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New Medicaid Waivers Available for Short-Term Residential Mental Health Services

Analysis  |  By Steven Porter  
   November 13, 2018

The added flexibility allows states to request Medicaid waivers to cover treatment in an institution for mental disease for certain adults and children.

States have long been prohibited from using Medicaid funding to cover treatment at inpatient institutions for mental disease (IMD), but that so-called "IMD exclusion" may be loosening further, thanks to a new waiver opportunity announced Tuesday by the Trump administration.

In a letter to state Medicaid directors, the Centers for Medicare & Medicaid Services outlined how states can secure authority to cover short-term residential treatment services at IMDs for adults with serious mental illness and children with serious emotional disturbances.

The agency said it won't approve waiver requests unless they are for short-term stays only and budget-neutral for the federal government.

Health and Human Services Secretary Alex Azar announced the policy during a speech Tuesday morning before the National Association of Medicaid Directors. The original intent of the IMD exclusion was appropriate, he said. The federal government was trying to discourage states from shoving patients in need of mental healthcare patients off onto the federal program.

"But today, we have the worst of both worlds: limited access to inpatient treatment and limited access to other options," Azar said in his prepared remarks. "Given the history, it is the responsibility of state and federal governments together, alongside communities and families, to right this wrong."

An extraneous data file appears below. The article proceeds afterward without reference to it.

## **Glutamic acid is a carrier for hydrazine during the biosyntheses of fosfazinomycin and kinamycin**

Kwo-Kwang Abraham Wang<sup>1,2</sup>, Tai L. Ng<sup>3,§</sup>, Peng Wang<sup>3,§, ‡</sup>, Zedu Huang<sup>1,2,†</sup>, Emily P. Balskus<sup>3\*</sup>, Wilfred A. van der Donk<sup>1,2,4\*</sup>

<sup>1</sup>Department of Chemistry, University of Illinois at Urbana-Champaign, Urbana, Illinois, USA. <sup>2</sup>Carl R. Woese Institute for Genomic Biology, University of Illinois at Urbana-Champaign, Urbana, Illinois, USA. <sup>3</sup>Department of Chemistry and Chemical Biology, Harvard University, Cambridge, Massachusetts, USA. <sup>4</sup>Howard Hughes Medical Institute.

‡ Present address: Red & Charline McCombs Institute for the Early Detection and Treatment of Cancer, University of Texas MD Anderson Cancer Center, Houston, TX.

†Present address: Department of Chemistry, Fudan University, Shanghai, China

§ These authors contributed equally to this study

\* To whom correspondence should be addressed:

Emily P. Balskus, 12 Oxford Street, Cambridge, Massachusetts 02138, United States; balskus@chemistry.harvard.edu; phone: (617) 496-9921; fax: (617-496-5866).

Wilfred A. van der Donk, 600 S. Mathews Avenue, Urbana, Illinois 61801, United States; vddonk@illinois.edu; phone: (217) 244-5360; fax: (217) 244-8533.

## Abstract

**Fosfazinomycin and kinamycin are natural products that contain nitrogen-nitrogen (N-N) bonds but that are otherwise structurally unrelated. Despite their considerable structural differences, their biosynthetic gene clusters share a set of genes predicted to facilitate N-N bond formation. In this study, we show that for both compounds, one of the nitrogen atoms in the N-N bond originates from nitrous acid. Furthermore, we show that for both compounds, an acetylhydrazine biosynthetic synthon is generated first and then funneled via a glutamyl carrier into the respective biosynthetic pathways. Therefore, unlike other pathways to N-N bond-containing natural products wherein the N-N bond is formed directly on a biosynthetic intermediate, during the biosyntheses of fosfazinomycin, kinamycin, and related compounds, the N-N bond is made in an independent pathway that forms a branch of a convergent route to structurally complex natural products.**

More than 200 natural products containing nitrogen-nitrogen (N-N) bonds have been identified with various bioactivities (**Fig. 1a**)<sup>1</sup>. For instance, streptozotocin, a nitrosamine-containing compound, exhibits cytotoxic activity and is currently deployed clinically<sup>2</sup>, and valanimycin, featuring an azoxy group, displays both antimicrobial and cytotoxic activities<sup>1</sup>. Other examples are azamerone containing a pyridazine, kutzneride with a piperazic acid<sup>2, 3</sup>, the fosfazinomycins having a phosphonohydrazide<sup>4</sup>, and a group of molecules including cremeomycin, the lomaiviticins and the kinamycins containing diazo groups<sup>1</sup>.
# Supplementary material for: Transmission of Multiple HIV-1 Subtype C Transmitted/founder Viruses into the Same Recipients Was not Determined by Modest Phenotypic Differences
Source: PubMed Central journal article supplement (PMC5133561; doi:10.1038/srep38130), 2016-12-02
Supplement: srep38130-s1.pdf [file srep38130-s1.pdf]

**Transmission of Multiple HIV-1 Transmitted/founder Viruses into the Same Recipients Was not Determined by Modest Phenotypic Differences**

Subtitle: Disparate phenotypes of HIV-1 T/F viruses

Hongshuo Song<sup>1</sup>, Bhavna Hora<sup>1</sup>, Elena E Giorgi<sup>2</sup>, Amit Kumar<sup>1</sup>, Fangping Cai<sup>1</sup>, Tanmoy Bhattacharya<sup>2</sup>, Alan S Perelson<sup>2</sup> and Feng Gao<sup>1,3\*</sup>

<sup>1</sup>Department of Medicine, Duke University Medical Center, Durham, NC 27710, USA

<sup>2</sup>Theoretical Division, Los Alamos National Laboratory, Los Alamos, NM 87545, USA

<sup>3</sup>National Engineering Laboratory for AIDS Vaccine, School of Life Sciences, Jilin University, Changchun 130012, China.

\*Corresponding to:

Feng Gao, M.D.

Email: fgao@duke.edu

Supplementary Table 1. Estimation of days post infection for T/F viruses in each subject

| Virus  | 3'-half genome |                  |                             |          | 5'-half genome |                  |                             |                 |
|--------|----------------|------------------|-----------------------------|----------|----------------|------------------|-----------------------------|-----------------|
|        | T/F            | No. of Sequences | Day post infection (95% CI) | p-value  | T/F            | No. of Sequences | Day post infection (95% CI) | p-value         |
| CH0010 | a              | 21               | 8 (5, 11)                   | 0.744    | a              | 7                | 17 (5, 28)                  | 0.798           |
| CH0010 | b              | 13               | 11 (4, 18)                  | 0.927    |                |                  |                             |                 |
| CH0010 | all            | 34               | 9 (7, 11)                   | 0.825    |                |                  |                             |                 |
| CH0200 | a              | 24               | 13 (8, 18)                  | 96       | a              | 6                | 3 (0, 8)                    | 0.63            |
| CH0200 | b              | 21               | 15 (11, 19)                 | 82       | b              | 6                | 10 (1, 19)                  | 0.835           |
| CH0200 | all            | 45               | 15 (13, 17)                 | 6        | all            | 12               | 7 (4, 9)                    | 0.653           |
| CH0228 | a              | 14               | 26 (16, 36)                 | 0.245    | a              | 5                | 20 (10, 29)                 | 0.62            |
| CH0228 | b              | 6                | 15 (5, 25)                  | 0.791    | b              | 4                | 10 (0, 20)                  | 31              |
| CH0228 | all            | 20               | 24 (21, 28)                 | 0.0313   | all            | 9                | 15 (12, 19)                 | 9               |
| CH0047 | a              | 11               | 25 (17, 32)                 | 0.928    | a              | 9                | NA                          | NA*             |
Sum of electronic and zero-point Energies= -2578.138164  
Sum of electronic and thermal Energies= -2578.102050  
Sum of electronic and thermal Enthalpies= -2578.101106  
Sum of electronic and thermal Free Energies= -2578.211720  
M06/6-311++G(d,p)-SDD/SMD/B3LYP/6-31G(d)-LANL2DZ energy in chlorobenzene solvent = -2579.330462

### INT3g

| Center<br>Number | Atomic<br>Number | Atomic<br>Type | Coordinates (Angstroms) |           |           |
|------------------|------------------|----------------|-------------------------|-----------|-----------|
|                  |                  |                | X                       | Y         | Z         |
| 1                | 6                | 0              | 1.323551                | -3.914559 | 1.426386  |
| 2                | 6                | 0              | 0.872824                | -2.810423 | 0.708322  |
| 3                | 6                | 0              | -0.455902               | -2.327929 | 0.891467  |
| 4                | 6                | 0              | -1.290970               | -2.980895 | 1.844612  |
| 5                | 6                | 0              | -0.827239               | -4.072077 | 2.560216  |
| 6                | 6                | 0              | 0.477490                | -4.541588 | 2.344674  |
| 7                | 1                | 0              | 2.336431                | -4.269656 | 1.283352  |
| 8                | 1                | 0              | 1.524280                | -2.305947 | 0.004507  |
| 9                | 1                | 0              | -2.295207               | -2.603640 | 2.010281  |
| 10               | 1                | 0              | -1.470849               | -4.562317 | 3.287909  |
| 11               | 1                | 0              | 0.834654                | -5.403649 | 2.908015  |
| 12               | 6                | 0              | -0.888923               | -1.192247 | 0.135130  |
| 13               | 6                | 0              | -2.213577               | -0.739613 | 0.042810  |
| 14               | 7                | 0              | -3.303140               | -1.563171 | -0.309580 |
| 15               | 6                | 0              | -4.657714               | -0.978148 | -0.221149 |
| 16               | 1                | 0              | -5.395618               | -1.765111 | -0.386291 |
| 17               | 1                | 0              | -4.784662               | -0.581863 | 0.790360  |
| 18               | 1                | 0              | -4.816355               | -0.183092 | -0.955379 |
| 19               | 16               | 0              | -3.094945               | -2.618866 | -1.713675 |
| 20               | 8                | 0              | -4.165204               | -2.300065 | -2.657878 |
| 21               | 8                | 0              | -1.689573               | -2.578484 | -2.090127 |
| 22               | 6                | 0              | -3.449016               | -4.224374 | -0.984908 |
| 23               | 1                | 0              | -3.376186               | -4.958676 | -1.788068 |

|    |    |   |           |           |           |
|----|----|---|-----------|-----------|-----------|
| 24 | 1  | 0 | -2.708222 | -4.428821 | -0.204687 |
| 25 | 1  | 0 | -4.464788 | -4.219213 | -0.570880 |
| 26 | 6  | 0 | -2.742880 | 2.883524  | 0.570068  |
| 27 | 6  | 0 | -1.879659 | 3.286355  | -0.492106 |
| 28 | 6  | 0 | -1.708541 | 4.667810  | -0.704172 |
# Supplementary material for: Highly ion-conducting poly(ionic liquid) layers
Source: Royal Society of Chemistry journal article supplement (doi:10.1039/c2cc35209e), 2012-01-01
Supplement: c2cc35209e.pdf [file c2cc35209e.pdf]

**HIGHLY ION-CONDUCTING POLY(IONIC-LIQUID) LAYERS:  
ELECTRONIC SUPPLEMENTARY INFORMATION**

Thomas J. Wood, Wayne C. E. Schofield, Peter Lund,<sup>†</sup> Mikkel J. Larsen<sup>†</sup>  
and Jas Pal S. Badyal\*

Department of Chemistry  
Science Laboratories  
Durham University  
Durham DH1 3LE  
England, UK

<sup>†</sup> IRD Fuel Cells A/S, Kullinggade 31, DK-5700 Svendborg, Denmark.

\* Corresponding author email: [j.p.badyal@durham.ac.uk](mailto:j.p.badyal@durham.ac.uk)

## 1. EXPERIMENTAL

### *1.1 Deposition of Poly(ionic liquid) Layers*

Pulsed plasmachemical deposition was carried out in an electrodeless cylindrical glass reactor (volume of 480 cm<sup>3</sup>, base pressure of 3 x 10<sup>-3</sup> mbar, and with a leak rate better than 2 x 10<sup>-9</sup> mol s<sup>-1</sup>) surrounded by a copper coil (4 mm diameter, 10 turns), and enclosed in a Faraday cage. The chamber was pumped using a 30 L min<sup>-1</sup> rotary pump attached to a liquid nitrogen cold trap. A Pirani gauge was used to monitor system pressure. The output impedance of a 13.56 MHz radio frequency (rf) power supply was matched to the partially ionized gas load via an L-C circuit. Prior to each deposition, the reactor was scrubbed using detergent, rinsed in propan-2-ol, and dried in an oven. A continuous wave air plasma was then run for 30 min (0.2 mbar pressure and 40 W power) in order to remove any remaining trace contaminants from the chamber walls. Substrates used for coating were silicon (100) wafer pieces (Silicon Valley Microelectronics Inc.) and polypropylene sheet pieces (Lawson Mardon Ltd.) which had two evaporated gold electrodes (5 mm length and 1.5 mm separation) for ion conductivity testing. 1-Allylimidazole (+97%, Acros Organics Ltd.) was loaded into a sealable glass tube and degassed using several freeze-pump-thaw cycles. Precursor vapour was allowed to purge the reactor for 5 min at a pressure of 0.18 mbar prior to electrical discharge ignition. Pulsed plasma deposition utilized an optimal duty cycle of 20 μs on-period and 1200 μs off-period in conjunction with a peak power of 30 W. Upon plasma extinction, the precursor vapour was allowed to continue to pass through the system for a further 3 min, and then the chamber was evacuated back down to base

Azar noted that the Obama administration began granting Medicaid demonstration waivers in 2015 to make exceptions to the IMD exclusion regarding substance use disorders (SUD), in particular, adding that the Trump administration unveiled a new approach to these waivers a year ago, approving 13 waivers with more pending. There have been 17 approvals thus far.

"Where we have been able to assess results, they have already been impressive," he said.

In Virginia, for example, which secured a waiver in 2016 under the Obama administration, the state saw a 39% decrease in opioid-related emergency department visits and a 31% decrease in ED visits related to substance use, according to the Trump administration.

Azar said the new expanded waiver opportunity covering mental health needs more broadly should be taken in a broad context with multiple types of treatment to meet varying needs.

"As with the SUD waivers, we will strongly emphasize that inpatient treatment is just one part of what needs to be a complete continuum of care, and participating states will be expected to take action to improve community-based mental health care," he said.

"There are effective methods for treating the seriously mentally ill in the outpatient setting, which have a strong track record of success and which this administration supports. We can support both inpatient and outpatient investments at the same time," he added. "Both tools are necessary and both are too hard to access today."

"There are so many stories of Americans with serious mental illness, and their families, that end in tragic outcomes because treatment options are not available or not paid for," Azar said.

"I urge everyone involved in state Medicaid programs here today to consider applying for the kind of waiver I've just outlined," he added. "These waivers will help complement the good work so many of you are already doing to fight substance abuse, and [they] will help build a system where Americans with serious mental illness and their families can finally find the treatment and support they need."

Steven Porter is an associate content manager and Strategy editor for HealthLeaders, a Simplify Compliance brand.


The original intent behind the IMD exclusion was appropriate, but it's led us to 'the worst of both worlds,' Azar said.

Waivers will be granted only for short-term stays and only for projects deemed budget-neutral for the federal government.

The policy change dovetails with waivers the government has been granting already for substance use disorders.

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